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Transitions to Alternative Transportation Technologies — A Focus on Hydrogen 2 Toward a Substantial and Durable Commitment: The Context of the Study This chapter sets out the worldview and philosophy that guided the committee in responding to the inquiries of the 2005 Energy Policy Act. The multiple questions posed by the statement of task should be understood within the context of the committee’s overall mission—to assess the resources the United States would need to support a transition in motor vehicles, fuels, and fueling infrastructure aimed at accomplishing three essential public goals: Reduce the nearly complete dependence of road transportation on petroleum in order to improve energy security in the face of political instability among oil producers and mitigate the eventual peak in conventional oil production; Lower the emissions of greenhouse gases from motor fuel production and use in order to sharply reduce the impact of motor vehicle use on the global climate; and Maintain economic competitiveness and growth while achieving the first two goals.1 The issues underlying these goals are large, persistent, and global. They will not yield to a quick fix, nor can they be addressed independently. Successful policy must deal with them as a whole, which requires supporting a balanced portfolio of technology options rather than emphasizing a single solution. Building such a portfolio can diversify the risk of delay or even failure of any one technology. More important, a portfolio can deliver benefits throughout the lengthy period (perhaps extending to 2050) required for a hydrogen-based transportation system to mature. Consider as examples the improved fuel economy of conventional vehicles, the intent of the newly revised CAFE (corporate average fuel economy) standards; hybrid electric vehicles also offering significantly improved fuel economy; and motor fuels derived from biomass. These options can considerably reduce oil consumption over the next 20 years, but they are unlikely to eliminate the problems of oil dependence and climate change. Their ultimate resolution will require bringing to market vehicle technologies such as the hydrogen fuel cell vehicle (HFCV) or fully electric vehicles.2 Yet these are unlikely to enter the market in sufficient numbers over the next 20 years to substantially reduce petroleum consumption. Thus, a technology portfolio that includes all of these options will deliver greater benefit across the intervening 20 or so years. Nevertheless, hydrogen technologies and infrastructure offer the potential, once successfully developed, to achieve fully the threefold goals of energy policy—hence, their emphasis in the congressional inquiry and in the committee’s response to it. Initiating a fundamental energy transition will require a policy commitment on the part of the federal government. This commitment and the policies that implement it must remain substantial and durable over the decades needed to complete the transition: Substantial, in that policy provides meaningful incentives for fuel economy where the market price of the fuel does not include externalities, such as environmental and health costs from emissions or an oil vulnerability premium; and 1 The committee was not asked to study economic competitiveness and growth but notes them as vital considerations in the policy process: to the extent that remedies to energy security and climate change impose near-term economic burdens, their implementation will be more difficult. Energy security and climate change are discussed in greater detail in this chapter. Economic issues are of concern throughout the report. 2 This judgment assumes that hydrogen and electric energy can be made in a way that does not release greenhouse gases over the long term. Some transition strategies, for example, could allow the manufacture of hydrogen from natural gas or electricity from coal without capture and sequestration of the carbon emitted in those processes. The greater efficiency of the fuel cell or electric vehicle, relative to the conventional vehicles that they displace, would offset the carbon release during a transition. However, in a mature hydrogen economy, effective capture and sequestration of the carbon dioxide would become essential.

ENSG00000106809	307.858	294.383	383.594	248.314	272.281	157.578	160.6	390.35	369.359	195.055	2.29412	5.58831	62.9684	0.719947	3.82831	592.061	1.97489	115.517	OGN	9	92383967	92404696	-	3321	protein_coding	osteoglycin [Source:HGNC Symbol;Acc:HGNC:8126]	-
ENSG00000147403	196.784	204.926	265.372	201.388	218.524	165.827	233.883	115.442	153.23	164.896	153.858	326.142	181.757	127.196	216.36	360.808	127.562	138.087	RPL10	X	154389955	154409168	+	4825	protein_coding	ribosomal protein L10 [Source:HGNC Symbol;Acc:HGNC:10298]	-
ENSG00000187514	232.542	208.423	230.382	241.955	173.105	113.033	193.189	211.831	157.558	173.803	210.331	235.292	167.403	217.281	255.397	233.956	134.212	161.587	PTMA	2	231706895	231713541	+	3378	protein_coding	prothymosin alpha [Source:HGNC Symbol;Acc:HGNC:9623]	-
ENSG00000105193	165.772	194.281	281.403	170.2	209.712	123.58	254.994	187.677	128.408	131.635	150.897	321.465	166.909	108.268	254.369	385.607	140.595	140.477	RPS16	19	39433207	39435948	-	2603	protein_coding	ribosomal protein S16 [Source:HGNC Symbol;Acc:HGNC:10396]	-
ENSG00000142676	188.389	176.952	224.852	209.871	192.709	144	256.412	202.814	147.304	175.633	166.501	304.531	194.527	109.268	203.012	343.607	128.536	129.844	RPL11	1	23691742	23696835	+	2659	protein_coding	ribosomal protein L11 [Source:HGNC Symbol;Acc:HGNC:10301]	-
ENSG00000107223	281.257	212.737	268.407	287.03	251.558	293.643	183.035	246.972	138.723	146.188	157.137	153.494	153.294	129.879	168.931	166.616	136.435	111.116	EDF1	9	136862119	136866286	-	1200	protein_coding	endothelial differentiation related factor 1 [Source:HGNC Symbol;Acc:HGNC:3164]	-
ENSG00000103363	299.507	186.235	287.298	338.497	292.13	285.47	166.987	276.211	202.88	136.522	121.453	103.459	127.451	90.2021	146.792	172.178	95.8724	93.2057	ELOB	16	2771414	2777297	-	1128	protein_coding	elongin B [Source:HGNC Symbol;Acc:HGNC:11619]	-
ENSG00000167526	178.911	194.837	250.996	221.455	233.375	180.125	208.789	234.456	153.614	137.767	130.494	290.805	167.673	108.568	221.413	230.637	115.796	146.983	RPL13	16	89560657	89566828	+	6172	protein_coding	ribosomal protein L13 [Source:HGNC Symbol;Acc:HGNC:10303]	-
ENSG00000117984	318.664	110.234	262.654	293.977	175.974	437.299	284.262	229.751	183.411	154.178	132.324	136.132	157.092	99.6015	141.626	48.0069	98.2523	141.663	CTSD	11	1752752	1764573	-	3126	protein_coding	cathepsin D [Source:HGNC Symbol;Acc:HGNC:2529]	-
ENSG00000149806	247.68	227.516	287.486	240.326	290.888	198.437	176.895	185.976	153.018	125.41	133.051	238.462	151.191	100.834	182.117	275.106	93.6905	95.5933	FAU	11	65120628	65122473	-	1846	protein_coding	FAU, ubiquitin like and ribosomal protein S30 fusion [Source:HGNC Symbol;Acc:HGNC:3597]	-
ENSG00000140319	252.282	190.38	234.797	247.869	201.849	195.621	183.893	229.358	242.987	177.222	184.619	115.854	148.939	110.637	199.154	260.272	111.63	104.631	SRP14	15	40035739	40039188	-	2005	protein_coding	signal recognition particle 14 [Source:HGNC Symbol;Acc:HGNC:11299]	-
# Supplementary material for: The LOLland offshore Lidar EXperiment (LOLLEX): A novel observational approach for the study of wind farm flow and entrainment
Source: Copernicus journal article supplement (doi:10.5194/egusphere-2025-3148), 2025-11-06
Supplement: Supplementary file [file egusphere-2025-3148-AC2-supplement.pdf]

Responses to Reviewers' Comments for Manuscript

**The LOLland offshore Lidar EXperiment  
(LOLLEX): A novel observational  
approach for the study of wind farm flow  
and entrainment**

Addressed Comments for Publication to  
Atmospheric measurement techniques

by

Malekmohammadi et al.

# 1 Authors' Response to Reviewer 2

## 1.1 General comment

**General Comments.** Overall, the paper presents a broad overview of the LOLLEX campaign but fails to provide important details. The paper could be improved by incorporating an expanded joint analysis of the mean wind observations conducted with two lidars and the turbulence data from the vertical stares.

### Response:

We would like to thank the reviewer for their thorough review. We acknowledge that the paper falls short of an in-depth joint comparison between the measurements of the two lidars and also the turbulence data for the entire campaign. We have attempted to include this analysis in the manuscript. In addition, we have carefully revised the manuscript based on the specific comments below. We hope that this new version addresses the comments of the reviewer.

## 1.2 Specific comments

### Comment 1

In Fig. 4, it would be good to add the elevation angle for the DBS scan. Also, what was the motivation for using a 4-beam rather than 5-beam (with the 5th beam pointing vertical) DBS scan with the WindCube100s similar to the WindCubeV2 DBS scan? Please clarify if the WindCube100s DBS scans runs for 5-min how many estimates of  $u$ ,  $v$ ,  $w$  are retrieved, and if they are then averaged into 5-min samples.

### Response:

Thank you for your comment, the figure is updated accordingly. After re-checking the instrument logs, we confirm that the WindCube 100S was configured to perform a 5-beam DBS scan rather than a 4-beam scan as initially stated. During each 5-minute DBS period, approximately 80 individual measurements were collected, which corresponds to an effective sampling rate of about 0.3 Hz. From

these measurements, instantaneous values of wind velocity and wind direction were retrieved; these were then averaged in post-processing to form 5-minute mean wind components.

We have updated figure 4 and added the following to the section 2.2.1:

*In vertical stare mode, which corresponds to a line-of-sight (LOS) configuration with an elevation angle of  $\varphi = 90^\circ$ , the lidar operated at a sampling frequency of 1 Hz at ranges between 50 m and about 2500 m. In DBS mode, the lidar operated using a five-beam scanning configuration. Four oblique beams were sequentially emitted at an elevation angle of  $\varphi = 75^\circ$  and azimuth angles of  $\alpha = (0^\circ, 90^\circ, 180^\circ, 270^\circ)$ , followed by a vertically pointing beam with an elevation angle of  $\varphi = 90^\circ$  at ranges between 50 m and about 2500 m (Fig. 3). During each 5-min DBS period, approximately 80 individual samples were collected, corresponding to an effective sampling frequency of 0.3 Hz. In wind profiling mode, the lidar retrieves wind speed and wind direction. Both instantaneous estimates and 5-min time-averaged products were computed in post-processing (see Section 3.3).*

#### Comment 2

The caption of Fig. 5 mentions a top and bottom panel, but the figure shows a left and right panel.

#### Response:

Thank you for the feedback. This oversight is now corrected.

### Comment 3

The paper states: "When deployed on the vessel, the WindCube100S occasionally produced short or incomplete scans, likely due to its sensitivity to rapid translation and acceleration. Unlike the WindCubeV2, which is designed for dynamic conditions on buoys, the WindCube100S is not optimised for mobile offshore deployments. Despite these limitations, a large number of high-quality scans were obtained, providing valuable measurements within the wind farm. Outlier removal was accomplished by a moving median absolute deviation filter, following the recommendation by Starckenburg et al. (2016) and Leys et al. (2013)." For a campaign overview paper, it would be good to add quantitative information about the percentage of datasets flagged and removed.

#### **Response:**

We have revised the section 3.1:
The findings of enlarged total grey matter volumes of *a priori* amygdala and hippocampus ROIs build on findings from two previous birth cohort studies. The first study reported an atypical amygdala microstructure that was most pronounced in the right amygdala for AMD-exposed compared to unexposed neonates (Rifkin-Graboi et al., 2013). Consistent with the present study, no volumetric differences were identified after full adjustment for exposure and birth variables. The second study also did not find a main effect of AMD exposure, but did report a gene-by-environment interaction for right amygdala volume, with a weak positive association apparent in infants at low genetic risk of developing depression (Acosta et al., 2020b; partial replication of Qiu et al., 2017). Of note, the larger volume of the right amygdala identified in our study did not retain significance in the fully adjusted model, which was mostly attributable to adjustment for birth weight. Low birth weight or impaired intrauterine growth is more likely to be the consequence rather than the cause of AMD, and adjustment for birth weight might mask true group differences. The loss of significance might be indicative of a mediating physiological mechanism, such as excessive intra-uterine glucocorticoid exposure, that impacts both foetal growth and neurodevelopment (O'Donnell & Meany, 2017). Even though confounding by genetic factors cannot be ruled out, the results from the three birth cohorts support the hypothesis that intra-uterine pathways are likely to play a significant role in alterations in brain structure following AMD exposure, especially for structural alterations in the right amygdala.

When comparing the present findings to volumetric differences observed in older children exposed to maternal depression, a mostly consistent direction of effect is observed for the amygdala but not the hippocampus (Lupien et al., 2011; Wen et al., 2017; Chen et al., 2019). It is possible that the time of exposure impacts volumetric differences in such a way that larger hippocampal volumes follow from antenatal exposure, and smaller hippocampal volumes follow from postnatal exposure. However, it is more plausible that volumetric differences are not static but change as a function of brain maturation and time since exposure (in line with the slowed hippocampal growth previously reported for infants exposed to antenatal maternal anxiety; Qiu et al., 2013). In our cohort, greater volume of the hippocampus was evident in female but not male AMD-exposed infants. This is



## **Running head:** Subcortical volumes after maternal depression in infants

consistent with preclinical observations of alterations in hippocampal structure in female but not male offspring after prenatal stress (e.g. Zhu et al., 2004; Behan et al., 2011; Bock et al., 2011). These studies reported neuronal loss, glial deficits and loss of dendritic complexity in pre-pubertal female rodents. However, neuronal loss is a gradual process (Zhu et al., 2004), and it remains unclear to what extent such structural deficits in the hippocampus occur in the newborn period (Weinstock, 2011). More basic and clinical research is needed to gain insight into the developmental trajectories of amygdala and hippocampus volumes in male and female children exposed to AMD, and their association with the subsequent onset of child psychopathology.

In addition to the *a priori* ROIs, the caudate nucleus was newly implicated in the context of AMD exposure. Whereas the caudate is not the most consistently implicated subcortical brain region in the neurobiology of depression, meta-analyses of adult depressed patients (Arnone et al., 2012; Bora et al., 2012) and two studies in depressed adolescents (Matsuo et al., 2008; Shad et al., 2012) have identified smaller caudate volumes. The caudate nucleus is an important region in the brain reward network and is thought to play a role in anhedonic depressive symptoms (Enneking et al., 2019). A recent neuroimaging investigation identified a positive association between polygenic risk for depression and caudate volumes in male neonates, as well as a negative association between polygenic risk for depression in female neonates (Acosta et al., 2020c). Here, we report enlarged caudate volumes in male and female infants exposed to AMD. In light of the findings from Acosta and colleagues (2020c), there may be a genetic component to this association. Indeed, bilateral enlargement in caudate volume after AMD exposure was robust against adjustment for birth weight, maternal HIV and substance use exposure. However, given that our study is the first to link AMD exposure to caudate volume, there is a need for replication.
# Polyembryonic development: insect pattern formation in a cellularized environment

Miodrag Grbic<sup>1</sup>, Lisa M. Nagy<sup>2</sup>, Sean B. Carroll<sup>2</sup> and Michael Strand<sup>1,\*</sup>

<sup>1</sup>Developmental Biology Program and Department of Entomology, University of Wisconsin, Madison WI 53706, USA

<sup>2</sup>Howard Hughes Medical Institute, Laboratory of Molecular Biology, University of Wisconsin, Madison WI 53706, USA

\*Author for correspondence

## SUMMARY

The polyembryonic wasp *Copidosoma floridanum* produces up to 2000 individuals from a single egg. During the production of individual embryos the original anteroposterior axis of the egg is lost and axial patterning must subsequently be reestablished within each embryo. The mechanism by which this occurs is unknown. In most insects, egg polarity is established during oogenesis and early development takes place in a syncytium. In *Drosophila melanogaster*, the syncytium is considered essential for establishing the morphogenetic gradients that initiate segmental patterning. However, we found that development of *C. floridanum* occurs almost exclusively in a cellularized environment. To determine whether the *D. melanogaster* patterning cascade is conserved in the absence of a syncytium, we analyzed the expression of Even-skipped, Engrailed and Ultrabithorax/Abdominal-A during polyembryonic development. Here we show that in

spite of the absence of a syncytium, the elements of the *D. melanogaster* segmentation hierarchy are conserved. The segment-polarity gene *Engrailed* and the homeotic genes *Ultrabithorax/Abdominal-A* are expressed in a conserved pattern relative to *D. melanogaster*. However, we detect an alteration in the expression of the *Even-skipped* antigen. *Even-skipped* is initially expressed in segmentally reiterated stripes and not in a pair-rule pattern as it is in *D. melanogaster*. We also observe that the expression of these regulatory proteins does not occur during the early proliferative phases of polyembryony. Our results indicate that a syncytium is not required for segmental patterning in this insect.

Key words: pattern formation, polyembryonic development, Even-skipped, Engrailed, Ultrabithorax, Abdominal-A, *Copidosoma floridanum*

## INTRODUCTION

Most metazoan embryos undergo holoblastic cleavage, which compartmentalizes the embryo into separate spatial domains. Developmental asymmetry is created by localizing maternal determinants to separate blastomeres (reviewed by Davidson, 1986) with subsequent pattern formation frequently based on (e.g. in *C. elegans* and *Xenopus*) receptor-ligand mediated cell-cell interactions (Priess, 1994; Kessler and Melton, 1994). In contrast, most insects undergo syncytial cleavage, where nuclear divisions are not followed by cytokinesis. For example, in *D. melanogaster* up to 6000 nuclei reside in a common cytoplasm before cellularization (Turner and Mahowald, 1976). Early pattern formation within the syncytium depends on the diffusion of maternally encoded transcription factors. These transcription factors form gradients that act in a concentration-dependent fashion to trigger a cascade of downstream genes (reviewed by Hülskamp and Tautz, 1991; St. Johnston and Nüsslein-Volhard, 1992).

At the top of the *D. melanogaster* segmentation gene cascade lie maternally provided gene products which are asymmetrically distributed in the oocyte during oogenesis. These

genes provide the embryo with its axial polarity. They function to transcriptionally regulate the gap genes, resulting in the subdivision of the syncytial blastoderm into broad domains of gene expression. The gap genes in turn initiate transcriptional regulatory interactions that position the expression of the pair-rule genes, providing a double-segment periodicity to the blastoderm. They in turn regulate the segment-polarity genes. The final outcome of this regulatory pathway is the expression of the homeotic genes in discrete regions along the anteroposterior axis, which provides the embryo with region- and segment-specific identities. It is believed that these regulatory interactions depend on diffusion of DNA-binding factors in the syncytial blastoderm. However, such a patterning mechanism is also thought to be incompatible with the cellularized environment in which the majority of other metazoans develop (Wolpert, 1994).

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Transitions to Alternative Transportation Technologies — A Focus on Hydrogen Durable, in that policies remain in place long enough for consumers, entrepreneurs, technologists, and investors to make the needed commitments of their own time and resources. To the extent that the United States makes such a commitment, the history of other technology transitions shows that our market-based economy and others around the world will prove highly effective in achieving the public goals of energy security and climate stabilization while preserving healthy and sustainable economic growth. ENERGY SECURITY The issue with energy security arises chiefly from the near-total dependence3 on conventional petroleum as the source of fuel for the transportation sector in the United States and most of the world’s economies. Adverse consequences arise from global dependence on petroleum from regions of the world that are either unstable or inimical to U.S. interests.4 Insecurity in petroleum supply holds the prospect for large-scale disruptions of the world economy. Energy insecurity is likely to increase over time as a result of the following: The prospect of disruption of the petroleum supply chain, through terrorist attack, political instability in the supplying nations, or natural disaster; Projected demand growth, especially among the developing nations of non-OECD (Organization for Economic Co-operation and Development) Asia (about 2.7 percent per year until 2030), which strains reserve production capacity that might have offset such disruptions (EIA, 2007); and The possibility that conventional oil production may peak much sooner than accounted for in business-as-usual forecasts. The current petroleum market lacks the excess production capacity that characterized past decades, and production and demand remain in close daily balance. This means that any disruptive event, whether from a natural disaster or terrorist activity, can cause severe and lasting price shocks, leading to worldwide economic dislocation. This situation is unlikely to improve in the near future. Demand continues to increase at the same time that conventional petroleum production faces a leveling and/or peaking of world oil production. In a recent study, the U.S. Government Accountability Office noted that “the total amount of oil underground is finite, and, therefore, production will one day reach a peak and then begin to decline. Such a peak may be involuntary if supply is unable to keep up with growing demand” (GAO, 2007, p. 6). Similarly, the International Energy Agency (IEA) concluded, “Worldwide, the rate of [oil] reserve additions from discoveries has fallen sharply since the 1960s. In the last decade, discoveries have replaced only half the oil produced” (IEA, 2006, p. 132). The literature offers a wide range of estimates concerning the timing of a maximum in world oil production because the data needed for more precise forecasting are not widely available. Much useful information is (1) proprietary to companies, (2) a state secret in the major oil exporting countries, and/or (3) biased to achieve political and economic objectives. For example, a recent study by the National Petroleum Council stated that “there are accumulating risks to continuing expansion of oil and natural gas production from the conventional sources relied upon historically. These risks create significant challenges to meeting projected energy demand.” These risks are both geological and geopolitical. Further, “Forecast worldwide liquids production in 2030 ranges from less than 80 million to 120 million barrels per day, compared with current daily production of approximately 84 million barrels. The capacity of the oil resource base to sustain growing production rates is uncertain” (NPC, 2007, p. 91). To be sure, enormous resources of unconventional oil—for example, oil shale or coal in the United States and tar sands in Canada—could be liquefied and substituted for oil. Exploiting these resources could greatly extend the availability of gasoline and diesel fuel, but would also raise environmental issues. Chiefly, they would nearly double the carbon dioxide (CO2) emitted per gallon of fuel consumed, unless the emissions from production can be captured and permanently sequestered, and their use would increase the demand for water. In addition, a peaking or leveling in production would probably be attended by price increases, and these would induce a demand response—some combination of (1) greater efficiency in converting petroleum to services and (2) simply doing without. However, examining the potential contribution of either unconventional fuel resources or demand response falls outside the committee’s assigned tasks, and they are not considered further here. CLIMATE CHANGE The second element of the energy “trilemma” concerns the environmental consequences of the buildup of CO2 and other greenhouse gases in the atmosphere.5 Light-duty vehicles generate one-third of global CO2 emissions and about a third of U.S. emissions. Capturing CO2 emissions from individual vehicles is effectively impossible, so reduc- 3 In the United States, 96 percent of the primary energy used in transportation comes from conventional petroleum (EIA, 2007, Table 2.1e, p. 42). 4 See, for example, Council on Foreign Relations, 2006, The National Security Consequences of U.S. Oil Dependency, Independent Task Force Report No. 58, Washington, D.C. 5 In addition to carbon dioxide, the “greenhouse gases” generally include water vapor, hydrogen itself, nitrous oxide, methane, hydrofluorocarbons (HFCs), perfluorocarbons (PFCs), and sulfur hexafluoride.